GTR will have a need for their own depot as mixing eight and twelve car trains will just fill up Greater Anglia’s depot and I doubt they will be pleased.

The problem can’t be eased by running twelve-car trains to Maidstone East, as the Thameslink platform at that station is too short.

Although Maidstone East station may be redeveloped in the future and a twelve-car platform 3 could be incorporated.

This Google Map shows the layout of Maidstone East station.

Could a twelve-car pltform be squeezed in?

Six-car as opposed to eight-car trains may offer an alternative solution here.

Cambridge would be served by a twelve-car train, that was formed of two six-car units coupled together.

At Bromley South or Swanley station, the two trains would split, with one portion going to Maidstone East station and the other to another convenient station.

Returning North the trains would join up again and travel to Cambridge as a twelve-car train.

The advantages of this are as follows.

  • Two eight-car tph in the core are replaced by twelve-car trains.
  • Two eight-car Cambridge to London tph are replaced by twelve-car trains.
  • Another destination South of London gets awo six-car tph to Cambridge.

The only loser is Maidstone East station, which sees the train length of its two trains per hour to Cambridge reduced from eight-cars to six.

July 9, 2017 Posted by | Travel | , , , , , | 2 Comments

Gibbs Report – Hoo Junction Depot

The Gibbs Report, looks in detail at GTR’s depot capacity and especially the stabling for Thameslink.

This is a paragraph, which suggests creating a new depot at Hoo Junction.

I recommend a different approach: I think a dedicated GTR Thameslink stabling facility should be built at Hoo Junction, near Gravesend. There is a large former freight yard there, on both sides of the railway, which now stables engineering trains for Network Rail. This should be rationalised and space created for stabling all the North Kent Thameslink Class 700s, in sidings with newly created servicing facilities.

The Wikipedia entry for Crossrail has a section entitled To Gravesend And Hoo Junction, where the following is said.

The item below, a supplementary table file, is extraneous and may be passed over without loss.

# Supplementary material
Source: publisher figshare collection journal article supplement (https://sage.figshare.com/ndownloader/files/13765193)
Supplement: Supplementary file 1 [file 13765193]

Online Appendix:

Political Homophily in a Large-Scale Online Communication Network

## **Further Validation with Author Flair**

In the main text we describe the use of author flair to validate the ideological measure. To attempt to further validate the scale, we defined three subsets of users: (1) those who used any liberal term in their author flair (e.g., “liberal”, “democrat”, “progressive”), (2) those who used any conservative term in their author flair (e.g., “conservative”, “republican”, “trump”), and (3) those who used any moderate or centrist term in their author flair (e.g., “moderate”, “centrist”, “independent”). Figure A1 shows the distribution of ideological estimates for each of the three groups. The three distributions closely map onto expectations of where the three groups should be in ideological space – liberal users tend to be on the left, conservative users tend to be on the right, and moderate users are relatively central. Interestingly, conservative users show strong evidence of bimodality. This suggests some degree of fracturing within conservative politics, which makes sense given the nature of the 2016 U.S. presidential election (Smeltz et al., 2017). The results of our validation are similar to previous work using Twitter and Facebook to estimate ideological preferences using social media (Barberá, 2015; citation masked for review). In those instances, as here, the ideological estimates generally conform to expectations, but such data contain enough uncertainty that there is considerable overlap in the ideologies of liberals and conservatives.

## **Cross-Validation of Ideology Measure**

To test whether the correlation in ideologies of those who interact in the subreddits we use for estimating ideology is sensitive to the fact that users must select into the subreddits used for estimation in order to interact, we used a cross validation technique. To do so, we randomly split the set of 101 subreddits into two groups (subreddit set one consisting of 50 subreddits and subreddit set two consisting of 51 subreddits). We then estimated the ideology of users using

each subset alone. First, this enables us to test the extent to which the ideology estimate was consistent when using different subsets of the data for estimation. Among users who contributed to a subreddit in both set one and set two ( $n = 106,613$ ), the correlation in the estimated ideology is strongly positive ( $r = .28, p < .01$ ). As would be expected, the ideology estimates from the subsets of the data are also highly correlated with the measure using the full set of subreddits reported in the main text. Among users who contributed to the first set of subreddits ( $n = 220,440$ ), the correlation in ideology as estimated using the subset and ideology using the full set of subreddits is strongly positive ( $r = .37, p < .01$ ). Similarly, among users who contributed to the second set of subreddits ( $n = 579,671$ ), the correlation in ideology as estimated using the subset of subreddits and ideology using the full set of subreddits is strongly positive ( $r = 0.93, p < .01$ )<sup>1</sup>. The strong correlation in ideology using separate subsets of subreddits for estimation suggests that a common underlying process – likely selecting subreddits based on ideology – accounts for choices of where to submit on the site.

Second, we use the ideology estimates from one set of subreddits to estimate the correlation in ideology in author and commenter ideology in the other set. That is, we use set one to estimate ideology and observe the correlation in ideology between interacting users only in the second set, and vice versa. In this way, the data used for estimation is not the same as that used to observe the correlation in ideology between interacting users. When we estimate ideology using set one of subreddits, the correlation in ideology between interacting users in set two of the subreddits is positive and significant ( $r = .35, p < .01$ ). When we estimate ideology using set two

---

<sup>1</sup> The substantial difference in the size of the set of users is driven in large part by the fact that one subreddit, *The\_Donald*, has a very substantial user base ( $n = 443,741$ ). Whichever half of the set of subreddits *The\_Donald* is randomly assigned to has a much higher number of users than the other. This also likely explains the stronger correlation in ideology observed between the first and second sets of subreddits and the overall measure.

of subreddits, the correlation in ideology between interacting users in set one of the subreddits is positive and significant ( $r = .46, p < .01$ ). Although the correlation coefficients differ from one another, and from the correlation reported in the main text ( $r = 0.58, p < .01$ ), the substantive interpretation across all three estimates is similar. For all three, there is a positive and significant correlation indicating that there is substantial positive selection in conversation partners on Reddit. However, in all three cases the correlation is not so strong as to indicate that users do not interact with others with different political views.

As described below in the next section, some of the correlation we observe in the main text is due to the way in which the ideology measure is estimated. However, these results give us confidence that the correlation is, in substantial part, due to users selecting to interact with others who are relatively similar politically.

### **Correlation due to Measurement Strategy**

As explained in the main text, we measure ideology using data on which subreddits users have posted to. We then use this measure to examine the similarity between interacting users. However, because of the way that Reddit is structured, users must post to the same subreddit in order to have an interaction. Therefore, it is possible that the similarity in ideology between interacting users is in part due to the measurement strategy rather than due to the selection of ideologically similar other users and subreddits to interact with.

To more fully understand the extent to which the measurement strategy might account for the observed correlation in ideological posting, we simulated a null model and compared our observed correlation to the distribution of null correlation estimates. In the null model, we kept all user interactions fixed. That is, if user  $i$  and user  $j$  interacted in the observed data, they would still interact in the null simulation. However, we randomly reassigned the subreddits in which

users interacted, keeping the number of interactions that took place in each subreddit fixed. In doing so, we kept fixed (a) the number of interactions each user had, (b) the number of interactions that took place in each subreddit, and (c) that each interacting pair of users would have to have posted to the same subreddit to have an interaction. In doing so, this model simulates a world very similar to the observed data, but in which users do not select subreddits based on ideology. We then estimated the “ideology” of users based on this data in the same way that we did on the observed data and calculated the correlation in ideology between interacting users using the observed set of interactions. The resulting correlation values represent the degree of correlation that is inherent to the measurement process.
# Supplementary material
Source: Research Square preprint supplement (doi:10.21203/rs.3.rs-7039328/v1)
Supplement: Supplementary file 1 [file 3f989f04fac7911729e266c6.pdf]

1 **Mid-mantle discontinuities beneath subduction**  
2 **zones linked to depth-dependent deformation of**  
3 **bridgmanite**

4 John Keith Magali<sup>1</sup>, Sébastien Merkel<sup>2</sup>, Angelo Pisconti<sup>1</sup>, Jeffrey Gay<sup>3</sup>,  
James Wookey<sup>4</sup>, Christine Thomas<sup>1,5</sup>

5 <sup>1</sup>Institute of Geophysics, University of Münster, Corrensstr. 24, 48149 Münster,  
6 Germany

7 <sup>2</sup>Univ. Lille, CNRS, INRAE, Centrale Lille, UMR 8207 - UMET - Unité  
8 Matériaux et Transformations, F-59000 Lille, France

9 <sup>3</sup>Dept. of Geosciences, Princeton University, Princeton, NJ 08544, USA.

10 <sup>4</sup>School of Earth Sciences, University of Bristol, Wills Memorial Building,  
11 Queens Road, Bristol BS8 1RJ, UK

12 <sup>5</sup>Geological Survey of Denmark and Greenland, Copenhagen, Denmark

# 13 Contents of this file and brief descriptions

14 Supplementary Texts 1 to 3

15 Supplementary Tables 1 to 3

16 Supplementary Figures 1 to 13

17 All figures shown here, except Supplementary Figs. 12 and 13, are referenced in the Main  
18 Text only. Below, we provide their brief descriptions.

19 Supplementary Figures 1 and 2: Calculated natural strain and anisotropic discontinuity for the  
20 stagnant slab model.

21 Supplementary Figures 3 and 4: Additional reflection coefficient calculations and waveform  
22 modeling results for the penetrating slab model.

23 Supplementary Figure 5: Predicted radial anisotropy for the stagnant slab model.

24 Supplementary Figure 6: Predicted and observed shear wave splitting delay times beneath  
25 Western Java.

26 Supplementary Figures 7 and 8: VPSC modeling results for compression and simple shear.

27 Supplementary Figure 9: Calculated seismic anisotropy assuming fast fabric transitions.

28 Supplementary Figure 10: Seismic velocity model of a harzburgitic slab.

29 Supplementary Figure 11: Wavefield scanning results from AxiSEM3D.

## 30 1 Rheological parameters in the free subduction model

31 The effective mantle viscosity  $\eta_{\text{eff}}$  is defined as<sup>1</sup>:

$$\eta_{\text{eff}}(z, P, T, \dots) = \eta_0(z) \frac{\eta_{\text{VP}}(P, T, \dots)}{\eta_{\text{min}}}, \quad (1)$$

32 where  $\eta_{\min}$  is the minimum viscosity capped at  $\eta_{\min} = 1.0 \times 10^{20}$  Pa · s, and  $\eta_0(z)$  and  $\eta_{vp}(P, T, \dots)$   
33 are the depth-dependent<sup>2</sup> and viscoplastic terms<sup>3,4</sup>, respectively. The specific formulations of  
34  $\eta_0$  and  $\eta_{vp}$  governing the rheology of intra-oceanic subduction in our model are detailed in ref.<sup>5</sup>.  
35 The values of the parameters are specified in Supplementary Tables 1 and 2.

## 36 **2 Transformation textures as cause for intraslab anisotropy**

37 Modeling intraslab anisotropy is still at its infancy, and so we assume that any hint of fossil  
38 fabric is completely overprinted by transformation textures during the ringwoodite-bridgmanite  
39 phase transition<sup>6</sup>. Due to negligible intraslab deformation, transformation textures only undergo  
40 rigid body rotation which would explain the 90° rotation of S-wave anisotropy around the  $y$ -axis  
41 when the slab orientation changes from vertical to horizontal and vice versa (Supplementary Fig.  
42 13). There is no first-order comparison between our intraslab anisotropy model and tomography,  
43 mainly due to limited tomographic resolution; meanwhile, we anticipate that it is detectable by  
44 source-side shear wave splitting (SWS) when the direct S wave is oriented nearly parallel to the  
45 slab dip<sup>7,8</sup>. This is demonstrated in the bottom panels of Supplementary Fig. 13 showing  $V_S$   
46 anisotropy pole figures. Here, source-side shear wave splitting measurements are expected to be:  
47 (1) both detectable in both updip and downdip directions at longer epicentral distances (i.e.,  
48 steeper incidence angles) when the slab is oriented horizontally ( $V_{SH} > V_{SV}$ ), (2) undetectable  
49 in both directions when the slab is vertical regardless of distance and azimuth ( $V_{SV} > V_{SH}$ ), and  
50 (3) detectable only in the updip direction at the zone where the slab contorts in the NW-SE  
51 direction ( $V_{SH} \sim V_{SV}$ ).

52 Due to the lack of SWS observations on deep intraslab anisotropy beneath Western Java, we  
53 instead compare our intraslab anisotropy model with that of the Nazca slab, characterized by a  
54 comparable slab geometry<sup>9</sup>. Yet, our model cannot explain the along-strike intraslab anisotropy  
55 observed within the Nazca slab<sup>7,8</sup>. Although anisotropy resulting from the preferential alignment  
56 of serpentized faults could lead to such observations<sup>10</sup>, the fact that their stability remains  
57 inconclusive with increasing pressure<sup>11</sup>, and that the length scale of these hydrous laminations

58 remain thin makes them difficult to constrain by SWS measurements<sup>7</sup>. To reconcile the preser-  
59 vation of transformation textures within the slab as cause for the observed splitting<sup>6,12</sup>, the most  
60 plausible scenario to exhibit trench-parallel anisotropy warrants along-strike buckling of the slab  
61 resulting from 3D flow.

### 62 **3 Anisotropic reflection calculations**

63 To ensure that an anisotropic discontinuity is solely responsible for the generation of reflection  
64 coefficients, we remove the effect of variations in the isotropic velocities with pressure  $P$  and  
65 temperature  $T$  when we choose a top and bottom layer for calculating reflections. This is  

The route to Gravesend has been safeguarded by the Department for Transport, although it was made clear that as at February 2008 there was no plan to extend Crossrail beyond the then-current scheme. The following stations are on the protected route extension to Gravesend: Belvedere, Erith, Slade Green, Dartford, Stone Crossing, Greenhithe for Bluewater, Swanscombe, Northfleet, and Gravesend.

This area around Hoo Junction has also been suggested as a possible depot for Crossrail.

In addition, Southeastern are running short of space in Slade Green Depot.

This Google Map shows the Hoo Junction area, with the North Kent Line passing through from Gravesend station in the West to Higham station in the South East.

There looks to be space for multiple depots with a large number of sidings at Hoo Junction.

These pictures show the apace to the North of the North Kent Line.

And these show the space to the South.

There even used to be a Staff Halt at Hoo Junction.

But that’s just the railways.

This report on the BBC indicates that the new Lower Thames Crossing will cross North-South between Gravesend and Hoo Junction.

Perhaps the developments at Hoo Junction, should incorporate a Park-and-Ride station.

Conclusion

This is a good idea and I would go further than Chris Gibbs does in his report, which is mainly into the problems of GTR.

Crossrail, the Department of Transport, Kent County Council, Network Rail, Southeastern, Thameslink and all other stakeholders and residents should sit round a large table and agree a common long-term philosophy that is in all their best interests for the future.